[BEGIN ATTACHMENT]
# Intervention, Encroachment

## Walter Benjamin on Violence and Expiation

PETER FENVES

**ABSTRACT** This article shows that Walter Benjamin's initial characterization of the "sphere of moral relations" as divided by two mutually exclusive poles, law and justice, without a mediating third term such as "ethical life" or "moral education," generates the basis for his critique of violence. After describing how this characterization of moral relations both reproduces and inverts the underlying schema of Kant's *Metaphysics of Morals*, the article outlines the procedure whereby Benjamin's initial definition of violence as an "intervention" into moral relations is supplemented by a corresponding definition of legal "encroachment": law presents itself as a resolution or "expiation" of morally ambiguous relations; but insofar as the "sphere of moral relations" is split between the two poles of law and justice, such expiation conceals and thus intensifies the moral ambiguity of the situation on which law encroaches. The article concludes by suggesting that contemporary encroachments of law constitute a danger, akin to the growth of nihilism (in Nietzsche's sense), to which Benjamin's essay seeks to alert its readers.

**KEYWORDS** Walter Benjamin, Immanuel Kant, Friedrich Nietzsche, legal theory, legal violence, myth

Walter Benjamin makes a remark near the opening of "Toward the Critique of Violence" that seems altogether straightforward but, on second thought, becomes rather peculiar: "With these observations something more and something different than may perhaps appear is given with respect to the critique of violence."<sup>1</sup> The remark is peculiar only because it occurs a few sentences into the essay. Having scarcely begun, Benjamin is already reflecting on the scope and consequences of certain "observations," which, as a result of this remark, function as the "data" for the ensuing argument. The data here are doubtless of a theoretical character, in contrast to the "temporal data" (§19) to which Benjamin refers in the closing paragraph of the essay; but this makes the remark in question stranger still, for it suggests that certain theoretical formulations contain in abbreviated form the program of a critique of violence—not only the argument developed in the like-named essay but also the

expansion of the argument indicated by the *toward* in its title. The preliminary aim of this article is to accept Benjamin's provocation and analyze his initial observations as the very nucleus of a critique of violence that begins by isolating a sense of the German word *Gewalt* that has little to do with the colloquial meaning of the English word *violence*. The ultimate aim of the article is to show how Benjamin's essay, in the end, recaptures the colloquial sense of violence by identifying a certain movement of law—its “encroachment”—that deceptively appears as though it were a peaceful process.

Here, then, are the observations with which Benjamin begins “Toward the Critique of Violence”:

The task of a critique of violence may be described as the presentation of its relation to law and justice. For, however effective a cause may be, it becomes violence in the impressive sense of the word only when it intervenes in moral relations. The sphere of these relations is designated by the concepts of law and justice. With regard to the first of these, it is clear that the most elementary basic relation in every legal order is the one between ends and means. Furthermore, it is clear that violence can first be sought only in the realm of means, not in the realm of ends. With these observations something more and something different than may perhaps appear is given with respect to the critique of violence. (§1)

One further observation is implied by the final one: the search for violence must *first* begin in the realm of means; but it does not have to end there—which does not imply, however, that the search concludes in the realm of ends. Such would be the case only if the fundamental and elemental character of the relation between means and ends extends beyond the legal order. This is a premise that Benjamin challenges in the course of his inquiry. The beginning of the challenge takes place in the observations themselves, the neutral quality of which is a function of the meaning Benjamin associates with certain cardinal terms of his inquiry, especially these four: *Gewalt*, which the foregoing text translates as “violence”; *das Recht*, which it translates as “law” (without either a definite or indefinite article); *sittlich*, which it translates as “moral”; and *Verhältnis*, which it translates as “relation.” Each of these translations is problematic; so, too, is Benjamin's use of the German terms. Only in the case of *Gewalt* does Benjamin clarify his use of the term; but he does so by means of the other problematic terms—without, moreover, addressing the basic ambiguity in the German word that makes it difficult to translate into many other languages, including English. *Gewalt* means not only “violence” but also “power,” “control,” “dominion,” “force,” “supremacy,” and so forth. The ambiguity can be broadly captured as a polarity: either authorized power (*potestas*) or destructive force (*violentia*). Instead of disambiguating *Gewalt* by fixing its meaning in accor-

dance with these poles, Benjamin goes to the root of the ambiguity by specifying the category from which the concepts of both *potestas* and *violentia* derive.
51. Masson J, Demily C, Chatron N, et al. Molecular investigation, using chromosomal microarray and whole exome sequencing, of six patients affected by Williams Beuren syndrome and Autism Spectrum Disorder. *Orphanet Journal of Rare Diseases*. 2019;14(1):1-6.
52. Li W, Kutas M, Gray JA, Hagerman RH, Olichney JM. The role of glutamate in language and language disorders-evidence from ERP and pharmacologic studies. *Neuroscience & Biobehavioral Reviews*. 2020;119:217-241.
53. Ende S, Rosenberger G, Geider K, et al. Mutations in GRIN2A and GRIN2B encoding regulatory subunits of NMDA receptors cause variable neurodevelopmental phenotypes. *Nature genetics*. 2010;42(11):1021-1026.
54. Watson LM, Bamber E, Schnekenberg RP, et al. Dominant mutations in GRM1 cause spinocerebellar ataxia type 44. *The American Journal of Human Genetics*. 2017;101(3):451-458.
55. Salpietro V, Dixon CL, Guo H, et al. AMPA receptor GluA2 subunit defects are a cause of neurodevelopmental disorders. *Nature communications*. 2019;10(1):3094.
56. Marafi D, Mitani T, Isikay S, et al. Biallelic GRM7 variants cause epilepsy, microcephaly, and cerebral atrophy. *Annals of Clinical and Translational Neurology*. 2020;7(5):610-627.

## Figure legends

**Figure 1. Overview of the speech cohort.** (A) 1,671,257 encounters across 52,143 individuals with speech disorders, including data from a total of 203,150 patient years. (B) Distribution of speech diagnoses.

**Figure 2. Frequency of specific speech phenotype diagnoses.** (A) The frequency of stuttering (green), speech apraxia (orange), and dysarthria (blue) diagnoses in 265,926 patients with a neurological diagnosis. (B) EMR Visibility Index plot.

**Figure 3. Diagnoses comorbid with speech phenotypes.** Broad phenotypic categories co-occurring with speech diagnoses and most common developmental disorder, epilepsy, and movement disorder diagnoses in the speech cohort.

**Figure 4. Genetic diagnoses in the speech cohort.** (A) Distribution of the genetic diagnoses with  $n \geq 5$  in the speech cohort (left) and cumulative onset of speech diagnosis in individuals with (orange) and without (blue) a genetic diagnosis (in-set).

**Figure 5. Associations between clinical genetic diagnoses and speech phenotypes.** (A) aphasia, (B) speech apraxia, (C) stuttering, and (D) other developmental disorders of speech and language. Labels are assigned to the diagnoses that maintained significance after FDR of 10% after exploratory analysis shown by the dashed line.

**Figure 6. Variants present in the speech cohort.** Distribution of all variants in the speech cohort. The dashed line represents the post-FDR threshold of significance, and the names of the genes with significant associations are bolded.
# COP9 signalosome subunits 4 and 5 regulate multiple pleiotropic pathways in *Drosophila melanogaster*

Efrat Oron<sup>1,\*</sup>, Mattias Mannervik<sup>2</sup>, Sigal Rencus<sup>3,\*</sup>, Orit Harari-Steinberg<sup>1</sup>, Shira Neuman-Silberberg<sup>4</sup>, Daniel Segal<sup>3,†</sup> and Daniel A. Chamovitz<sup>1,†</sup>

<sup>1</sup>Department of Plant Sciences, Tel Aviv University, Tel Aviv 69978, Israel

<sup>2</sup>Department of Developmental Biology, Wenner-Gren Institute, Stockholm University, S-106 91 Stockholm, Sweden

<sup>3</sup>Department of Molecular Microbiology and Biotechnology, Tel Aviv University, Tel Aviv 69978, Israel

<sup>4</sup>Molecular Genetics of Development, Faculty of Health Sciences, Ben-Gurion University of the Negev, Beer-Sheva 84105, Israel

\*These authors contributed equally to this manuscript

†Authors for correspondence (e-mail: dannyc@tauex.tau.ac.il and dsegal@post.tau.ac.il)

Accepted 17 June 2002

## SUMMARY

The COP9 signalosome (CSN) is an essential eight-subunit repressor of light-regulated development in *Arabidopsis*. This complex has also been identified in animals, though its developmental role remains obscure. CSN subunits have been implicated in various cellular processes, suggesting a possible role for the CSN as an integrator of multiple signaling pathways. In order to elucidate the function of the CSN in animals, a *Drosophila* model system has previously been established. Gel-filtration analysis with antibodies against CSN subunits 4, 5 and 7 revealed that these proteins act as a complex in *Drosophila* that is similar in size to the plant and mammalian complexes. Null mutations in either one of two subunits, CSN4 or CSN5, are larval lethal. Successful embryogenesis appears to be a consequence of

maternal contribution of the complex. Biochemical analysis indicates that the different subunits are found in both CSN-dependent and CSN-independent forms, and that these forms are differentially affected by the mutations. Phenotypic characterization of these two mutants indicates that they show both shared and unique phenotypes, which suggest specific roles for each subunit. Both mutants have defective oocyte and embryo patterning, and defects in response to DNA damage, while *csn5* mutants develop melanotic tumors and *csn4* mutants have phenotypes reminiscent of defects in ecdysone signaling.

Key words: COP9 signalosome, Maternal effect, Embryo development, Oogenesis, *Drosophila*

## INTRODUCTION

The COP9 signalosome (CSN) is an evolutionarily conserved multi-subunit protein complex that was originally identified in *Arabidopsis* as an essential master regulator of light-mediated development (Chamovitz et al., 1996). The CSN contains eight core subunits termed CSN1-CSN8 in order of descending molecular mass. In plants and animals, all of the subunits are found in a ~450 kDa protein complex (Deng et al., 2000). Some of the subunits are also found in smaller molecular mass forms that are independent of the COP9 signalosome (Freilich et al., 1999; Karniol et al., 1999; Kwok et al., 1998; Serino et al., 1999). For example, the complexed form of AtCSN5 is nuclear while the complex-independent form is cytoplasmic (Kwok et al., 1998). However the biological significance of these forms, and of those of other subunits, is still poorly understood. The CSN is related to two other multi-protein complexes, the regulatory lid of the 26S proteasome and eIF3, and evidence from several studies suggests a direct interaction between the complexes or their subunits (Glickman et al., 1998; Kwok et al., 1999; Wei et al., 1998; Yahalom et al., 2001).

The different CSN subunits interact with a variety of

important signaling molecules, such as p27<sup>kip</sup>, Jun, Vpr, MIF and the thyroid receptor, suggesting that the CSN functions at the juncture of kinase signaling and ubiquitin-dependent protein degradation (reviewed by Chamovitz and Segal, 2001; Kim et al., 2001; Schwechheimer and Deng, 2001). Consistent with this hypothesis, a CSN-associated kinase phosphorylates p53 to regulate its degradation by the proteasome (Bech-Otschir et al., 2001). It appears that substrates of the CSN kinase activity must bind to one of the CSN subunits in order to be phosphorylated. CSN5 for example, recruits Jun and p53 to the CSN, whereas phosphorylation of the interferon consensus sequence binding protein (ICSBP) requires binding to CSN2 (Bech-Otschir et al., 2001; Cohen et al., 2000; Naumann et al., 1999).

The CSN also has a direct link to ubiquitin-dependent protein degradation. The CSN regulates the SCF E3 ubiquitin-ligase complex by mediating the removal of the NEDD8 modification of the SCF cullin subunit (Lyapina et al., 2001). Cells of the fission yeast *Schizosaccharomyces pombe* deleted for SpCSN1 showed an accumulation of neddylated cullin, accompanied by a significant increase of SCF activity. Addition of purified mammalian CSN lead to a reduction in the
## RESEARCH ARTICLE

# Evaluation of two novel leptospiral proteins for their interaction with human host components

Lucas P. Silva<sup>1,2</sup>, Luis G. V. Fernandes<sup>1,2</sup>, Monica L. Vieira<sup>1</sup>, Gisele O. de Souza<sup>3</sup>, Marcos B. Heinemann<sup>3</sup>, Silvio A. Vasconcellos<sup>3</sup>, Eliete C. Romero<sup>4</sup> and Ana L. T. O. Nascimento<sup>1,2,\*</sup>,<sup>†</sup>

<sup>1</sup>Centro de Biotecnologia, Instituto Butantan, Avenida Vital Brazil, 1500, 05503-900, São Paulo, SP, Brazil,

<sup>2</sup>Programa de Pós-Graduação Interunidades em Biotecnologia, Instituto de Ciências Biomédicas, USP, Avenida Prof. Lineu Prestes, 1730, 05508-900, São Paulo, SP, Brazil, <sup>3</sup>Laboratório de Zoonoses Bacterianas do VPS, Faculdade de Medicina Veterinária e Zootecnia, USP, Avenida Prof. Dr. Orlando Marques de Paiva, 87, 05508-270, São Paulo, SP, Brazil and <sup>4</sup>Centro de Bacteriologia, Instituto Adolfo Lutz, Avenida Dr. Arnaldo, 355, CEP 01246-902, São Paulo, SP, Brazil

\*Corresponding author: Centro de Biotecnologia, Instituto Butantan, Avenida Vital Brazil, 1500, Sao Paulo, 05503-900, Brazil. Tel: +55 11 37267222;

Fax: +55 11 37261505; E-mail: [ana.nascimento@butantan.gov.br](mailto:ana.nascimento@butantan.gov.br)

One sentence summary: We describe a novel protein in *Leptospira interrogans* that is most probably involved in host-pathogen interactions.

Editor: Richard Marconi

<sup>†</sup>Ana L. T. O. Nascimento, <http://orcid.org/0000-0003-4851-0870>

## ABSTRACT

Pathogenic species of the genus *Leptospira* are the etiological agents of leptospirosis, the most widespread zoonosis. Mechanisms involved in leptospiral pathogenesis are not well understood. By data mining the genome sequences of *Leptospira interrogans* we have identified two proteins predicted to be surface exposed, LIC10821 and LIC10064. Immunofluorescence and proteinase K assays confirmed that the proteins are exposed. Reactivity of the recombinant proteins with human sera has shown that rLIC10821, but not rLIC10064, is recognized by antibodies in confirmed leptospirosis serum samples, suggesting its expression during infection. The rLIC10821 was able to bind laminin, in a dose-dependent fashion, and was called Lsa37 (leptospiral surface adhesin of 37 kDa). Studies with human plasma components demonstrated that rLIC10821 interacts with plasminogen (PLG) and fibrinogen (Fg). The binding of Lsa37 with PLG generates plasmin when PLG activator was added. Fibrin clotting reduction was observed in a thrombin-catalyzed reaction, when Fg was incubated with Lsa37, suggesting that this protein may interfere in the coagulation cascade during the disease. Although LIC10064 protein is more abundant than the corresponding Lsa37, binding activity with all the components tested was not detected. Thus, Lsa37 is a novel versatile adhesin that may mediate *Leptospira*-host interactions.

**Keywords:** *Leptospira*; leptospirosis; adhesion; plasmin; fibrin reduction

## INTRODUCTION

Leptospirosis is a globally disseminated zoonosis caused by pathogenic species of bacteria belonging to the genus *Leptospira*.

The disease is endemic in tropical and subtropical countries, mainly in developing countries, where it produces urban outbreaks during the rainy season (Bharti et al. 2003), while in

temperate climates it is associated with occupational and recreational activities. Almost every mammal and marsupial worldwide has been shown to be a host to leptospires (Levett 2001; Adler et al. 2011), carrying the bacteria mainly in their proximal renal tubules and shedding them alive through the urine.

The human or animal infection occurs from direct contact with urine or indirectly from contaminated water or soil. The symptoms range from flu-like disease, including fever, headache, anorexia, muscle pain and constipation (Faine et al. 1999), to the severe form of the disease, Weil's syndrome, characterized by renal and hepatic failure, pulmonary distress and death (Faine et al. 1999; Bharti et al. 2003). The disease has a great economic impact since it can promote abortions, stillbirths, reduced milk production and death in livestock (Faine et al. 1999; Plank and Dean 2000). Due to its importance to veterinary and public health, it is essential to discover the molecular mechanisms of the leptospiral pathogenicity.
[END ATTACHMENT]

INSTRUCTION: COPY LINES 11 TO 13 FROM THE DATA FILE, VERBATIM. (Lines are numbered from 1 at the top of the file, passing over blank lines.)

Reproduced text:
dance with these poles, Benjamin goes to the root of the ambiguity by specifying the category from which the concepts of both *potestas* and *violentia* derive.
51. Masson J, Demily C, Chatron N, et al. Molecular investigation, using chromosomal microarray and whole exome sequencing, of six patients affected by Williams Beuren syndrome and Autism Spectrum Disorder. *Orphanet Journal of Rare Diseases*. 2019;14(1):1-6.
52. Li W, Kutas M, Gray JA, Hagerman RH, Olichney JM. The role of glutamate in language and language disorders-evidence from ERP and pharmacologic studies. *Neuroscience & Biobehavioral Reviews*. 2020;119:217-241.